My one-day football career pretty well sums up my luck with sports. We always had a football game going in the backyard when I was a kid. Being small, I dreamed of catching touchdown passes or being a sneaky ball carrier who dashed through holes in the defense. I could run fast, though once I fell on the driveway and chipped my two front teeth into a V-shaped opening. I had lots of dental work done in those days. When I reached high school, I promptly went out for football. The first day of practice in pads, my mouth collided with another boy’s knee. A third front tooth snapped off. Sadly, I turned in my uniform, knowing when I got home my mother would say, “No more football for you.” Which she did. I wound up with a fixed bridge covering four teeth. And no more contact sports.

 

A couple of things about my writing. I don’t let my protagonists smoke. Greg McKenzie is a former smoker, as am I. He kicked the habit in the first book and hasn’t gone back. I’m now allergic to cigarette smoke and can’t stand to be around smokers. I’m always being asked, “Are you Greg?” My stock answer is, “He’s bigger, bolder, and more confrontational. But we think a lot alike.”

 

7. Favorite quote.

Whenever I’d say “I wish” something, my grandmother would say: “If wishes were horses, beggars would ride; if turnips were watches, I’d wear one at my side.”

                               

8. Best and worst part of being a writer.

I’d say he best part is the freedom to express your thoughts and feelings in any manner you choose; the more original your views, the better off you’ll be. For me, the worst part is the knowledge that I can never get everything done I want and need to do regarding my writing and the promotion of books already published. I’m badly in need of a day stretcher.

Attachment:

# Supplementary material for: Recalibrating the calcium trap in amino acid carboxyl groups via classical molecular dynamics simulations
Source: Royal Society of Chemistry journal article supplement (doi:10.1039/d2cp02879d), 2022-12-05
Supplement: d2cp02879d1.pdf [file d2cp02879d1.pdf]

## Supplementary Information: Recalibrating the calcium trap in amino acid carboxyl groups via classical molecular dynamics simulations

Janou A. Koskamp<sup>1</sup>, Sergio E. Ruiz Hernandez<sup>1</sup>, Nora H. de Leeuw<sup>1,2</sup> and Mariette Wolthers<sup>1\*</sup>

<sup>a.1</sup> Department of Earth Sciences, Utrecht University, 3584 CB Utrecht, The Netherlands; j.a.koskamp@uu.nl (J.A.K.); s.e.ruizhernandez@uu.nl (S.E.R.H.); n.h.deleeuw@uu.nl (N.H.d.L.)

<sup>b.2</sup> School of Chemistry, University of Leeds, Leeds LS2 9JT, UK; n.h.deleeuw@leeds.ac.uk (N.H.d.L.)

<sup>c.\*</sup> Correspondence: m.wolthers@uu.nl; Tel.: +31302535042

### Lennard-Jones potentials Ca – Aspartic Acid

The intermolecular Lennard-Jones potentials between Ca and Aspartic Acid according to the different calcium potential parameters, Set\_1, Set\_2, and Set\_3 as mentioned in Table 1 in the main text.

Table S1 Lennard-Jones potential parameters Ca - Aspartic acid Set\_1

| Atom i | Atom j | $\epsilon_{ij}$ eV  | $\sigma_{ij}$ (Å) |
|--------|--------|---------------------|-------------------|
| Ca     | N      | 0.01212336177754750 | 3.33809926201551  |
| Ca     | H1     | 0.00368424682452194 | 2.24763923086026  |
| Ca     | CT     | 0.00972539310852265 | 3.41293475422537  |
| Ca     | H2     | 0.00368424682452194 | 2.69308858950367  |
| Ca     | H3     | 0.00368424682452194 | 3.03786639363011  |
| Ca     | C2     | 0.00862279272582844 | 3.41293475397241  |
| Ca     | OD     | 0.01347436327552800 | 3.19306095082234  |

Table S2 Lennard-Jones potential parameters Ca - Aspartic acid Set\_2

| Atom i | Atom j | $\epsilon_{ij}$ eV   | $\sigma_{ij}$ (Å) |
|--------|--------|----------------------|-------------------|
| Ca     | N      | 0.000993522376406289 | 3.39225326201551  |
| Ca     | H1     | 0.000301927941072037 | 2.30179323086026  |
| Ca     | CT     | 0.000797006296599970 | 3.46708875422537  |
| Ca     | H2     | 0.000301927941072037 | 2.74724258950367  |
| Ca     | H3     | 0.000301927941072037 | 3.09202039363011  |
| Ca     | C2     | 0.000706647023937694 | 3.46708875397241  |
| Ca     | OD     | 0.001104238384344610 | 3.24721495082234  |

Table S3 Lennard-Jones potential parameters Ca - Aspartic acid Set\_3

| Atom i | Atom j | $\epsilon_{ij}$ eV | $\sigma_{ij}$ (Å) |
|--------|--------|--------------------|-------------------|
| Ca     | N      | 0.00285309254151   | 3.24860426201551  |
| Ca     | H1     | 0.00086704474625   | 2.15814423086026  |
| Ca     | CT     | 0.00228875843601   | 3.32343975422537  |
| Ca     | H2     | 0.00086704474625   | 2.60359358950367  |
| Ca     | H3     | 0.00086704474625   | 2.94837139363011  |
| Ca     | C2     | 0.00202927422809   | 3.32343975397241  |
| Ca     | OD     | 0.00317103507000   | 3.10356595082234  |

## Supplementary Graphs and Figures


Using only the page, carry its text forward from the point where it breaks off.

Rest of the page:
9. Advice for other writers.

My advice is never give up. Perseverance pays. Read voraciously in the genre you wish to write, read some of the great how-to-write books out there, then sit down at the keyboard and write, write, write. The world is full of people who want to write a book. Those who get published are the ones who stay with it till the job is done.

 

10. Tell us a story about your writing experience.  

When I started writing novels in earnest, I finished he first book and began querying agents. I quickly received a go-ahead from one. The young associate handling my manuscript was enthusiastic and began sending it out. But about six months into the process, she wrote that she was leaving the agency and her boss only handled non-fiction. With another book ready by then, I started the search again. This time an older agent took me on. I only heard from him when I called him every two or three months. He would tell me the market was tough. After nearly a year of this, my call was answered by his partner, who advised me that he had died. She was taking no new clients. I had the third book finished and resumed sending queries. This time I got a major New York agency interested. After considerable revision of the manuscript, I received a contract. Again, little contact from New York except when I called. I sent them the next book. By the time a third was ready, a young associate confided that they had let my manuscripts gather dust on the shelves. When the agency head died, a new owner took over and sent out my first book, getting the reaction that it was dated. After three years, duh. . . These days I deal with small presses without an agent.

 

Where can people buy your books?

My fourth Greg McKenzie mystery, The Marathon Murders, can be purchased at any bookstore or online. The new book, The Surest Poison, will be available in early April. Both are published by Night Shadows Press. The first three Greg McKenzie books are out of print but available at my website http://www.chesterdcampbell.com. Opening chapters of all the books can be read there. You can check out my views on writing and things in general at Mystery Mania, my blog at http://chestercampbell.blogspot.com. And all the books are available for the Kindle.